Misleading calculation: EU plans for pesticide reduction at risk

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Pesticide use in agriculture must be reduced to protect biodiversity.
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The use of pesticides is to be halved by 2030, according to the draft EU regulation on pesticide reduction. This goal is to be verified using pesticide sales data. In the view of the German Environment Agency this method is misleading. Pesticides that are no longer approved are weighted too high. Decreasing sales figures would indicate a decreasing trend, which does not happen in the field.

The SUR: A turning point towards sustainable agriculture?

On 24 October 2023, the EU Parliament's Environment Committee voted on a new regulation to halve pesticide use by 2030 (Sustainable Use Regulation - SUR). UBA President Dirk Messner said: “Next to the climate crisis, the preservation of biodiversity is the greatest challenge facing humanity. The success of the SUR will determine whether something is done to counteract the extinction of species in agricultural areas. However, the position now agreed upon in committee still has decisive weaknesses, first and foremost the method by which progress is to be measured. This should be improved.”

Pesticide reduction on paper does not protect the environment  

In order to check whether the use of pesticides will really be halved by 2030, the SUR currently provides the Harmonised Risk Indicator (HRI1 according to Annex 1). This indicator is supported by the European Commission and now also by the Environment Committee of the European Parliament. From UBA's point of view, this method is unsuitable: it calculates a decrease in pesticide use where none actually exists. This would undermine the purpose of the planned regulation. Consequence: The extinction of species in agricultural areas would continue unabated despite good figures on paper. This criticism of the indicator has already been voiced several times by the European Court of Auditors and UBA.

The planned measurement method must be corrected

The fact that the indicator is based solely on sales volumes makes little sense. The more effective and thus also more toxic a pesticide is, the lower its use and sales quantities and thus its calculated contribution to the overall risk. As a result, highly effective and toxic insecticides are hardly included in the calculation. Herbicides or active substances of natural origin, on the other hand, which have to be used in much larger quantities to be effective, dominate the trend. Substances such as sulphur would thus top the ranking of the most dangerous pesticides, rather than highly toxic insecticides such as pyrethroids.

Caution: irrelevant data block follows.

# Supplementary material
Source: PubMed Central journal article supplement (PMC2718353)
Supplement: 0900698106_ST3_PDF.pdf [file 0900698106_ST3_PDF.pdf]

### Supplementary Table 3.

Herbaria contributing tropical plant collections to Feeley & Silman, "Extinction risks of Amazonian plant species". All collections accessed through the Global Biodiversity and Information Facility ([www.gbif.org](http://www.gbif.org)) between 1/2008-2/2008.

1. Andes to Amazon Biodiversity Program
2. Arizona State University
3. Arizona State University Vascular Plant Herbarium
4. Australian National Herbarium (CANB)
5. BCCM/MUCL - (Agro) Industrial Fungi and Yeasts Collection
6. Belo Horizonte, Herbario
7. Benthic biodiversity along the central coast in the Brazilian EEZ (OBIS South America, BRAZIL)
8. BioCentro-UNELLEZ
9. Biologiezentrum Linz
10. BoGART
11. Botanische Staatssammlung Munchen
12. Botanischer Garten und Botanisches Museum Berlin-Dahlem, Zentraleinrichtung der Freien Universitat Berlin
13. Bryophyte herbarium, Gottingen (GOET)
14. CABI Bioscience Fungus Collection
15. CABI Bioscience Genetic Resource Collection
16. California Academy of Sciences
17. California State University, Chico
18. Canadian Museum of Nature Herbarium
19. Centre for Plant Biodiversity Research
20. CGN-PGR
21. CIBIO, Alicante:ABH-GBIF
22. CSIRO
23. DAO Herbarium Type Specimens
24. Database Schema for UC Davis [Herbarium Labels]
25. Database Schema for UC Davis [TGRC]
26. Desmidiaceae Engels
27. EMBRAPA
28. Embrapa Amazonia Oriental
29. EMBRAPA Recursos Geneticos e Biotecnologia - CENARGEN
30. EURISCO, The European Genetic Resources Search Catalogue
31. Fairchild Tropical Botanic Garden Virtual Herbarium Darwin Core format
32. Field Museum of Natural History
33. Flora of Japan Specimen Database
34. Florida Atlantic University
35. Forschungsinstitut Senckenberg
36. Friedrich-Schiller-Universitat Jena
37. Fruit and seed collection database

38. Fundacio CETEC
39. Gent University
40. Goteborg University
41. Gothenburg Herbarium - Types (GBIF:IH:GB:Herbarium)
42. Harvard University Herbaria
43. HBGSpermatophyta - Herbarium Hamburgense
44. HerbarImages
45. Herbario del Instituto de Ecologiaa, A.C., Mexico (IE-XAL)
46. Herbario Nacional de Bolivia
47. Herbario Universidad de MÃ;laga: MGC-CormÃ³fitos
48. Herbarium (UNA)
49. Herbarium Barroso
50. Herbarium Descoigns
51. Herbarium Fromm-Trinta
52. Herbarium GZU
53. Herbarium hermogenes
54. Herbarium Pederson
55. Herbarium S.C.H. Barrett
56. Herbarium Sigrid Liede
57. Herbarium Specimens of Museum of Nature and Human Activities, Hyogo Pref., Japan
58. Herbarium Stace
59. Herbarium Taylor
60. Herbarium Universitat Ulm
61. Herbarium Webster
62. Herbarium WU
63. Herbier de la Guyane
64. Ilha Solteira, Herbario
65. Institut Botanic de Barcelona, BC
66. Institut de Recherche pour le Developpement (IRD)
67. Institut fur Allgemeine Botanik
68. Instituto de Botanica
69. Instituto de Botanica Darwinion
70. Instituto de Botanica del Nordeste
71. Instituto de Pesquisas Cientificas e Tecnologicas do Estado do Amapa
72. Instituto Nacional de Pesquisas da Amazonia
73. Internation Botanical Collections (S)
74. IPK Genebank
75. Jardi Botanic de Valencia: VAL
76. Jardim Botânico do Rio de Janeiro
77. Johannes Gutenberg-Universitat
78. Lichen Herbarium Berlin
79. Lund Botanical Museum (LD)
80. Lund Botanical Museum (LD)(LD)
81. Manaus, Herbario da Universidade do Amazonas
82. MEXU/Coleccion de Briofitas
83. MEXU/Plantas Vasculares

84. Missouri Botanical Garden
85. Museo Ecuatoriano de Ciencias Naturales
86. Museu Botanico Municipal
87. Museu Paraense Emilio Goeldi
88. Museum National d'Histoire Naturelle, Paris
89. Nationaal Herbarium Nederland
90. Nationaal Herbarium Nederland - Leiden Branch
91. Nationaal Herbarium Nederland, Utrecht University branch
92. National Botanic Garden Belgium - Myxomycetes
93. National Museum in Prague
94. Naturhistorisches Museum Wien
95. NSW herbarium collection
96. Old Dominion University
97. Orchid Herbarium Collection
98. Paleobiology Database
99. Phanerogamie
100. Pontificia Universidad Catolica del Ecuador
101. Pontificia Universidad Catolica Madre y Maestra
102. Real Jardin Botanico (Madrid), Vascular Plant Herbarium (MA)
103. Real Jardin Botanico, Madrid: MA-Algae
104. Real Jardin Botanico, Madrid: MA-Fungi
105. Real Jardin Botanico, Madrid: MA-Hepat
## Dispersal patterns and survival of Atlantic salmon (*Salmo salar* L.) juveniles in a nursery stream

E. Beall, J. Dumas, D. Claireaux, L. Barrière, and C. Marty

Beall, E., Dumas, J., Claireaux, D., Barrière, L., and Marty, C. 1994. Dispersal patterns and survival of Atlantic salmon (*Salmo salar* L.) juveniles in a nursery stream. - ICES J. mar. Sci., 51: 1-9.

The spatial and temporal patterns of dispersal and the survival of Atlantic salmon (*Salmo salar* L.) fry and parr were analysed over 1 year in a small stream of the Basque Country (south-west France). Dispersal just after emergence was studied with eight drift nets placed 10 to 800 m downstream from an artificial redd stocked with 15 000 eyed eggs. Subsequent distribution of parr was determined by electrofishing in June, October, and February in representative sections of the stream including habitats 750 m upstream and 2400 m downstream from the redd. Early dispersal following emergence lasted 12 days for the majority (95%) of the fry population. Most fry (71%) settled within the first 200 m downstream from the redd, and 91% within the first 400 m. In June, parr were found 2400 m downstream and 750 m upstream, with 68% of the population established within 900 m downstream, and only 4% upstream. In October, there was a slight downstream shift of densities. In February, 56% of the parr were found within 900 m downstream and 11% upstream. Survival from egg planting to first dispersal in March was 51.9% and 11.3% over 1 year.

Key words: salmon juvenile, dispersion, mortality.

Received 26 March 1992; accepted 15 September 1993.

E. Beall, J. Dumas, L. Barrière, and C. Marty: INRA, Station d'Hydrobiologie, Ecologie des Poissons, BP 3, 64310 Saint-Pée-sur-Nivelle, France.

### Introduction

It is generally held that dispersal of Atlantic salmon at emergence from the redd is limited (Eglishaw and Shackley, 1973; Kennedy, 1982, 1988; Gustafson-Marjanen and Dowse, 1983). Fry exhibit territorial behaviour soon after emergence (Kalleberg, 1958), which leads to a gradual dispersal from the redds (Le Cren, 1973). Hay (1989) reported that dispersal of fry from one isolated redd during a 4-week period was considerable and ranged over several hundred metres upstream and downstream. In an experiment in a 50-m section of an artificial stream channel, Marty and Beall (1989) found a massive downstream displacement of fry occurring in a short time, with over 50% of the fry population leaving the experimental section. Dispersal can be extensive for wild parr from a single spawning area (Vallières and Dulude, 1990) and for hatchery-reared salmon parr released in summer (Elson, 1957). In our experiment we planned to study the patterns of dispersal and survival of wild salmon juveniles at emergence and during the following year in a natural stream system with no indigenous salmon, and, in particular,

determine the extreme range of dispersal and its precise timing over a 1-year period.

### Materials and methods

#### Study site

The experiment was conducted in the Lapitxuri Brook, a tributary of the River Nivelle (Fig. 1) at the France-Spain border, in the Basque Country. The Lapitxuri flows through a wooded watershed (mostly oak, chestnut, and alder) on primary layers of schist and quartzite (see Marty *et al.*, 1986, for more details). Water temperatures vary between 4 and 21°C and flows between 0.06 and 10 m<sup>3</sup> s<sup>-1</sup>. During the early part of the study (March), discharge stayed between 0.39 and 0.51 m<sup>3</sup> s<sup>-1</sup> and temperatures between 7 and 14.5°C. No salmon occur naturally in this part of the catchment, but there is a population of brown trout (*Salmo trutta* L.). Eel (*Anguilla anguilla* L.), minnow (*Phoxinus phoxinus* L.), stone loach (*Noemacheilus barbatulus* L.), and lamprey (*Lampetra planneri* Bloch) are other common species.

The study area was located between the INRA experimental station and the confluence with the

Instead of considering the effectiveness and thus the toxicity of pesticides, the sales volumes are multiplied by non-comprehensible weighting factors. Especially relevant is the impact of a very high weighting of non-approved active substances (see graph): For active substances that lose their approval, sales figures decline sharply. These declining sales figures are now retroactively weighted much higher. For the years before the end of the approval - in which the substance is still sold a lot - this results in a disproportionately high calculated risk. From the day the authorisation expires and the sales figures drop, the calculated risk decreases abruptly. This decrease is seen as an enormous success of pesticide reduction, but is solely due to the excessively high weighting factor.

The goal of the SUR would thus be achieved on paper shortly after its adoption, without any real reduction in pesticide use taking place.

The method can be easily corrected: Sales volumes of active substances should not be weighted more heavily based on their expiring approval. In addition, the sales figures of active substances would have to be standardised on the basis of their specific effectiveness. More information on this can be found here.

Whether the new EU regulation is a win for the environment and health will therefore be decided more by the choice of measurement method than by the reduction targets set.

Grafische Darstellung der EU Absatzzahlen
How the EU calculates the pesticide risk down to a minimum.

Left: Pure sales figures of pesticides in the EU from 2011 to 2021. Right: Decrease in pesticide risk calculated from this according to the HRI1 methodology. Accordingly, pesticides are divided into four groups and their sales figures are multiplied by the following weighting factors: Group 1 ─ Low-risk active substances: factor 1, Group 2 ─ Approved active substances (standard): factor 8, Group 3 ─ Candidates for Substitution (CfS): factor 16, Group 4 ─ Non-approved active substances: factor 64. The sales figures of all pesticides weighted in this way are subsequently added together. The grouping corresponds to the current approval status of the pesticides in 2021. Both sales figures (left) and HRI1 risk (right) are given as percentages relative to the baseline period 2011-2013. The percentage of Group 1 is < 0.01% and therefore not evident graphically.
The visualization of the four groups shows the systematic error of the HRI1 methodology. In fact, only the sales figures for non-approved active substances of group 4 are declining. This decrease in sales figures is drastically weighted by the indicator and dominates the HRI1 trend as a decrease in risk. This strong weighting is not scientifically justified and therefore misleading. The goal of the SUR would be achieved on paper within a foreseeable time after its adoption, without any reduction in pesticide use taking place in reality.

Source: German Environment Agency Download figures
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